Many officials here fear that a growing Iraqi Sunni protest movement that has found inspiration from the uprising next door could quickly turn into all-out revolt in regions that formed the heart of the Sunni insurgency over the past decade.
“We will be the most affected if violence spreads in a way that cannot be controlled,” Ali al-Moussawi, a spokesman for Iraqi Prime Minister Nouri al-Maliki, said in an interview. “What worries us is that there is no plan to control things in Syria, to find a peaceful political solution or a type of change that can be controlled.”
The Iraqi government is wedged between Iran, a Shiite Islamic republic that has provided crucial aid to Assad, and the Sunni countries that support the Syrian opposition, which include Turkey and Persian Gulf states.
Maliki, though a Shiite often aligned with Iran, is no fan of Syria’s embattled president. Maliki believes Assad helped fuel Iraq’s sectarian war by permitting weapons and fighters to stream across the border in the past decade. But analysts and officials say Iraq’s premier has shown a growing willingness to turn a blind eye to Iran’s aid for Assad because he feels increasingly threatened by the prospect of a rebel victory in Damascus.
“This is drawing the gulf states back into this part of the Middle East in a way they haven’t been since the Gulf War, and it’s drawing them in a way that is deeply sectarian,” said Tamara Cofman Wittes, director of the Saban Center for Middle East Policy at the Brookings Institution in Washington and a former senior State Department official. “For Iraq’s Sunnis, this is an opportunity to get patronage or support, but it’s in a context of increasingly fierce sectarian polarization in the Arab world, and that’s quite serious.”
Iraq’s minority Sunnis took to the streets nationwide late last year, using Arab Spring-like tactics to protest what they consider their political marginalization after the fall of Saddam Hussein, a fellow Sunni. Since then, as rebels have made inroads across Syria, Iraq’s Sunnis have become increasingly resolute, Iraqi officials and Western diplomats say.
“Many people are emboldened, as they think this is their chance,” said a senior U.S. diplomat in Baghdad, speaking on the condition of anonymity to discuss a delicate policy issue. “There is increased pressure on Baghdad. They [the Sunnis] tell themselves, ‘The tide is flowing our way.’ ”
Remnants of Iraq’s once-
potent Sunni insurgency are probably vying for a comeback, the diplomat added.
“The terrorists, I have no doubt, see this as their moment of opportunity and are trying to capitalize on it,” he said.
Cross-border jihadist links
Jabhat al-Nusra, a hard-line Islamist group that has engineered many of the rebels’ decisive tactical victories in Syria, is closely linked to the Sunni insurgent group al-Qaeda in Iraq. In online forums used by jihadists, members have posted statements vowing to take on Maliki after they drive out Assad and proclaiming that they will march on Baghdad after seizing Damascus.
The convergence of militant groups in both countries became starkly clear this month when Iraqi insurgents ambushed a convoy transporting Syrian soldiers who had fled into Iraq after a firefight along the northern border. The attack occurred near Rabiyah, an Iraqi village and a stronghold of the large Shammar tribe.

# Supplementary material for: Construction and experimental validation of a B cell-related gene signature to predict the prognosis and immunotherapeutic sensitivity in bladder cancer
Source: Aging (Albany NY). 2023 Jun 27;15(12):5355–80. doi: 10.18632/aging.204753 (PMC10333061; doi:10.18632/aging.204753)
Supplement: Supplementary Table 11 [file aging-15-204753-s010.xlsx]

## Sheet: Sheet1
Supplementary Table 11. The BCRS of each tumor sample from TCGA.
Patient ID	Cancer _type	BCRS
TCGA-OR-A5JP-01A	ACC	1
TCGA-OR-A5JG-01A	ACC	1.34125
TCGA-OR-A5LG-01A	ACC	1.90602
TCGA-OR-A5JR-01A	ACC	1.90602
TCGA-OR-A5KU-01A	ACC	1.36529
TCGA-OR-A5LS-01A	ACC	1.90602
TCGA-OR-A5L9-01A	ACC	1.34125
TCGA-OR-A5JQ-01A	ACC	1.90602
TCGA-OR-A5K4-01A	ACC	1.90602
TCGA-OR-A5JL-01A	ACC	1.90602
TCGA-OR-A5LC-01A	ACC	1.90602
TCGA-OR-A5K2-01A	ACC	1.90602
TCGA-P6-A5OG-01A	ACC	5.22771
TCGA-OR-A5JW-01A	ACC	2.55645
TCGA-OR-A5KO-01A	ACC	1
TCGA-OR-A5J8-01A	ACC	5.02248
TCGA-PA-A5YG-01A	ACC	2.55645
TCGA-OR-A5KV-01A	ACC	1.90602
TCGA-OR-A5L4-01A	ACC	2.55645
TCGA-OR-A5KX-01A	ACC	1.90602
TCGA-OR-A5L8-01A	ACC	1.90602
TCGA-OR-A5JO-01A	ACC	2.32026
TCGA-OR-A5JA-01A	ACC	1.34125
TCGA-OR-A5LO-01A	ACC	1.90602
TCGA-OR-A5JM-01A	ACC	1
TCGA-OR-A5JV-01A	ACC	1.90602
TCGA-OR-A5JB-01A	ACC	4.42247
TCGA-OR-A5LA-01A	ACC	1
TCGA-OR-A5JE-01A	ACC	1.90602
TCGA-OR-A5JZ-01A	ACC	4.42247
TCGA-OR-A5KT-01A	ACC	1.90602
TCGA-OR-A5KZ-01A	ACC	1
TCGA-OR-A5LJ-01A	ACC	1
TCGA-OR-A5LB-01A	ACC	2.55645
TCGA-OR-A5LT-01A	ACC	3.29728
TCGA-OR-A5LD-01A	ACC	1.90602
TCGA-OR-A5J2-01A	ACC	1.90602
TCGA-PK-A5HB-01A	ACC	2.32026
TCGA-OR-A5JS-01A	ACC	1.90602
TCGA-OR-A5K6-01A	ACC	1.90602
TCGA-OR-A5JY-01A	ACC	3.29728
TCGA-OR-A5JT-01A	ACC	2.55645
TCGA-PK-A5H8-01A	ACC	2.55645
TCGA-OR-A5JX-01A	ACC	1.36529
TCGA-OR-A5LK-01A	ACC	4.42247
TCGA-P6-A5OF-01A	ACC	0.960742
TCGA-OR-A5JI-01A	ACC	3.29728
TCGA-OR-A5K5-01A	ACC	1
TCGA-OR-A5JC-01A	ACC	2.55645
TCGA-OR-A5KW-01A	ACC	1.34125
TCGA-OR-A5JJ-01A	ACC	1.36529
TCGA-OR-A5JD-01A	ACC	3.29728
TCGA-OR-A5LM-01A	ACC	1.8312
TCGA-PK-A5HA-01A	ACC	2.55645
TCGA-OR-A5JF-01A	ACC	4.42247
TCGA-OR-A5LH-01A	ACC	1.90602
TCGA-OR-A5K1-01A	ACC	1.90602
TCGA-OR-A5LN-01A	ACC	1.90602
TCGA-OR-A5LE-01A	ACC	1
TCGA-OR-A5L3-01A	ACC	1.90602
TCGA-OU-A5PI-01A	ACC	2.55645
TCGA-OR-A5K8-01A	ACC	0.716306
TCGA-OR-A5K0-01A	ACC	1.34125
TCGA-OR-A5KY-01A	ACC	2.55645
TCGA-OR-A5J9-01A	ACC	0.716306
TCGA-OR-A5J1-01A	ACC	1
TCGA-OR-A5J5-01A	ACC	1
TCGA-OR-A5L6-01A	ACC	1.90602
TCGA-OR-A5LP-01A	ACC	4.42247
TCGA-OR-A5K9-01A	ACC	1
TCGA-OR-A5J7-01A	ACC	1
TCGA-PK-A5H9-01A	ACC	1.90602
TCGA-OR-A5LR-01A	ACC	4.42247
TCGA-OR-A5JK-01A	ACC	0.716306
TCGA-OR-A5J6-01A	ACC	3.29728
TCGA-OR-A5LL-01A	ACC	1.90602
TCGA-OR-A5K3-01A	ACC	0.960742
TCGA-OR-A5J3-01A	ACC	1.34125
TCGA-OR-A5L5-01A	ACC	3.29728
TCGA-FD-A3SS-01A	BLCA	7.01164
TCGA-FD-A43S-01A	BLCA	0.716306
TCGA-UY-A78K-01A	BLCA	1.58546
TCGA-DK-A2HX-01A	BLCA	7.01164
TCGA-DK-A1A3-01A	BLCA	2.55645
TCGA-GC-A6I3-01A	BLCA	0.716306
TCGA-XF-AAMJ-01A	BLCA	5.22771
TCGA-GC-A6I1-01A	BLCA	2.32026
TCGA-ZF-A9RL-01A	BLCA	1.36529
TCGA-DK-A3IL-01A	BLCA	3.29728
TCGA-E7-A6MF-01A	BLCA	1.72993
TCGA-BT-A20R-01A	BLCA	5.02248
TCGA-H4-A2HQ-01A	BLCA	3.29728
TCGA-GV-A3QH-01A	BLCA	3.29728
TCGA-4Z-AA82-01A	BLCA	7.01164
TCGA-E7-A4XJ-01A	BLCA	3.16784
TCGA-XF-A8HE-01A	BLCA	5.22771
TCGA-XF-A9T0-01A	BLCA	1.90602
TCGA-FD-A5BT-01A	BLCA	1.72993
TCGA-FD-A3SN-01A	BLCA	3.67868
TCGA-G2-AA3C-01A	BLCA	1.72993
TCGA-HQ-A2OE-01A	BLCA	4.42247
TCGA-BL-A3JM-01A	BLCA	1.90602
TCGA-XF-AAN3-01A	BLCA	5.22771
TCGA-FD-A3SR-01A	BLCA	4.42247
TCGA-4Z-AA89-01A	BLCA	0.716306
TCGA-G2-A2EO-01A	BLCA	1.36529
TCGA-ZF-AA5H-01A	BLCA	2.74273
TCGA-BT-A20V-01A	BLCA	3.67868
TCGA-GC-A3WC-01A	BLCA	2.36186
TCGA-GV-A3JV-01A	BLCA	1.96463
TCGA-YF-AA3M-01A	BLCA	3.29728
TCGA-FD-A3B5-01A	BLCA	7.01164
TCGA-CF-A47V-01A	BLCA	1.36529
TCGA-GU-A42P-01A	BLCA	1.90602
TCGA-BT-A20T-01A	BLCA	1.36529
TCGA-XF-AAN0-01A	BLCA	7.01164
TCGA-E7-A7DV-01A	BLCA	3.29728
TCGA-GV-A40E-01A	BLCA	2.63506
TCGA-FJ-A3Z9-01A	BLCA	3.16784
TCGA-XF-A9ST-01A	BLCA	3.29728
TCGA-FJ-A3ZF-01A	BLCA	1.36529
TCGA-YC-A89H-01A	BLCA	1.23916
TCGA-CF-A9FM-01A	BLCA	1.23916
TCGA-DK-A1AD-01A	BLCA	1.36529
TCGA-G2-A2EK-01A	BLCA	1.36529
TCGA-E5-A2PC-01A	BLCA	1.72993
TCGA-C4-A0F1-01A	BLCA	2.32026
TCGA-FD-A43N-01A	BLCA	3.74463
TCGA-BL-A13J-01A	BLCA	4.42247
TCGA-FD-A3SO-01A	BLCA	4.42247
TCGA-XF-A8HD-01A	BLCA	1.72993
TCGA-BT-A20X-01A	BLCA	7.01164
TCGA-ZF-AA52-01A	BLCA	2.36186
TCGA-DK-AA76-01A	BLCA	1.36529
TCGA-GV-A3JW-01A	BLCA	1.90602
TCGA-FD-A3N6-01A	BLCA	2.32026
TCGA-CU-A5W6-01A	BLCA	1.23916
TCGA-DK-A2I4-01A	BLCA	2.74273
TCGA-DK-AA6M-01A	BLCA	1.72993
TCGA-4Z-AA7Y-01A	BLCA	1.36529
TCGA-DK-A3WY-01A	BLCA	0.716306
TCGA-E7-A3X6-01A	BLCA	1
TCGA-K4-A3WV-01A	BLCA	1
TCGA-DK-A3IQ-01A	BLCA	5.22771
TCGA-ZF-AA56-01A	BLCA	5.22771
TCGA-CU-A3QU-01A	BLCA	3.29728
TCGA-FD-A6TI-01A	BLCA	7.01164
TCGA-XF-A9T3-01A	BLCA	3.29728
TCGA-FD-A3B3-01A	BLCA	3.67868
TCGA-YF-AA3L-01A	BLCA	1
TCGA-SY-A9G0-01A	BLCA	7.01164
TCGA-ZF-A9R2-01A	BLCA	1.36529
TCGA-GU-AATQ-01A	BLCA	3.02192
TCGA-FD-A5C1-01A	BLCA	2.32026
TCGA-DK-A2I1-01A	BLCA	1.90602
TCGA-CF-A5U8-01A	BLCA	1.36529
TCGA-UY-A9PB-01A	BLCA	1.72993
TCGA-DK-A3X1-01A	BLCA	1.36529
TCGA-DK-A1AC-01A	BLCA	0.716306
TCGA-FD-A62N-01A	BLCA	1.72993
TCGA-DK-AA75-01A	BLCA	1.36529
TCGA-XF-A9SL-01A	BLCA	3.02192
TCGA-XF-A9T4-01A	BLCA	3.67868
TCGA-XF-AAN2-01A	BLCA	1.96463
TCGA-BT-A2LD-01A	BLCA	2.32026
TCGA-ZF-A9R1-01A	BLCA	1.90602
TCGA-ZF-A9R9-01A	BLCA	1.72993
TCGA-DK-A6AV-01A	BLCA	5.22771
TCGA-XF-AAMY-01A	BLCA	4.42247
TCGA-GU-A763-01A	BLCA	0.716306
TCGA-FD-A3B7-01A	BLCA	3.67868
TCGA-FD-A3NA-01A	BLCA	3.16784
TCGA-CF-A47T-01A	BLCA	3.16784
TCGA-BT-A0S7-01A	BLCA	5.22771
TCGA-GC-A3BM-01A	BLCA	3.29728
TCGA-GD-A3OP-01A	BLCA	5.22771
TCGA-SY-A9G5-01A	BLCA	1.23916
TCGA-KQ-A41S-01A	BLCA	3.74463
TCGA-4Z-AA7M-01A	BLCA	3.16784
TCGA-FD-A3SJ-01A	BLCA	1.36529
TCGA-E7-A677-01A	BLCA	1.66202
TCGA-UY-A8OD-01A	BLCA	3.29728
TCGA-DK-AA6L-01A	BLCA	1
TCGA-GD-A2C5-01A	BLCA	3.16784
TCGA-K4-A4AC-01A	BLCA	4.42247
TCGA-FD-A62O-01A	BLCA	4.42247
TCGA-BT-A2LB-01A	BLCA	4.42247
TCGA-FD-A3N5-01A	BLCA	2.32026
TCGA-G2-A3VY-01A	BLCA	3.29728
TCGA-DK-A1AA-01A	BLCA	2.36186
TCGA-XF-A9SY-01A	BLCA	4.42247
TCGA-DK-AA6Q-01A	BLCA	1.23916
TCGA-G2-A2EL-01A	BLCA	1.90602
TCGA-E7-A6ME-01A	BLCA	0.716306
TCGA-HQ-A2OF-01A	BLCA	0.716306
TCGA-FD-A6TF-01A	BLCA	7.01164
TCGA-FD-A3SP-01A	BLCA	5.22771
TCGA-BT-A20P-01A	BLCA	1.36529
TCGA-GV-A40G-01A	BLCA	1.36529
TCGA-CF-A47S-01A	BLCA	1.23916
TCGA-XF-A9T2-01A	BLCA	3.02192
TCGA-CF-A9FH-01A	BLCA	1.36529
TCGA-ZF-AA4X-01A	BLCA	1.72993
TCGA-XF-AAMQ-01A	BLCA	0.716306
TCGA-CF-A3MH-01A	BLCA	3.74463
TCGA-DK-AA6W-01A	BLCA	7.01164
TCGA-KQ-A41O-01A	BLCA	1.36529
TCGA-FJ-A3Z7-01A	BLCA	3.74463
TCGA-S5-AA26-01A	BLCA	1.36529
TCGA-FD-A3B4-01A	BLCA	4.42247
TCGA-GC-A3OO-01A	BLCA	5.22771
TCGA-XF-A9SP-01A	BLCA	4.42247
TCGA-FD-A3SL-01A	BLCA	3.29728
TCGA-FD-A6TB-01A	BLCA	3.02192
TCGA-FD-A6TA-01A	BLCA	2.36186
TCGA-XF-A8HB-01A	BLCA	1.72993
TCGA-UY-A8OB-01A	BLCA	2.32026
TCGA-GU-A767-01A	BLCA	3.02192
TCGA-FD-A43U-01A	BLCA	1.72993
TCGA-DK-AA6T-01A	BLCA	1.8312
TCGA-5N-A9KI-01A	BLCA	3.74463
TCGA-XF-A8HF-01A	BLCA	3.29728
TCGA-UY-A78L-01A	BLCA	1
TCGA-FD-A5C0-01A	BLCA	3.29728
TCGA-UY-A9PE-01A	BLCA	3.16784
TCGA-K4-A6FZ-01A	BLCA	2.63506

The tribe’s leader, Abdullah al-Yawar, said his fellow tribesmen in Syria joined the rebellion against Assad about six months ago and have since sought to oust government forces from their areas.
“They became involved because they determined the Syrian revolution needs to be for all people,” he said in an interview.
The attack near Rabiyah, which killed 48 Syrian soldiers and nine Iraqi guards, underscored the ease with which insurgents operate along the porous border.
“If Syria develops into a civil war, which would lead to partition on a sectarian basis, that would lay the groundwork for al-Qaeda and other groups that don’t recognize borders,” Falah al-Fayyadh, Maliki’s national security adviser, said in a recent interview, referring to the type of conflict that might unfold if Assad is ousted. “The real danger for Iraq is if al-Qaeda is able to impose its influence on part of Syria.”
U.S. cooperation, frustration
Iraqi officials have asked Washington to expedite the sale of heavy weapons that could be used to crack down on insurgents along the border. Moussawi, the government spokesman, said the weapons are needed to “help us prevent any kinds of violations, like establishing terrorist camps” on the Iraqi side of the border.
That narrow policy goal has led to collaboration between U.S. intelligence personnel and the Iraqi government, according to officials from both sides. But Washington and Baghdad remain divided over Iraq’s broader approach to the Syrian conflict.
U.S. officials have chided Baghdad for allowing Iran to ferry weapons to Syrian troops over Iraqi airspace.
On a trip here last weekend, Secretary of State John F. Kerry lobbied Maliki to stop allowing Iranian arms and fighters to cross into Syria through Iraq, saying this was helping to bolster Assad’s government. Maliki denied aiding the Syrian government.
Robert Ford, the U.S. ambassador to Syria, warned of the same danger in congressional testimony last week. “That cannot continue without consequences,” he said.
Ford also cited reports that Iraqi Shiite militias linked to political factions have been dispatched to the Syrian battlefield in support of Assad’s forces.
“We want the Iraqi government to understand that it has no interest in having an extremist government in Syria,” the ambassador said. “And the longer the conflict continues, the greater the influence of extremists on the ground.”
Karen DeYoung in Washington contributed to this report.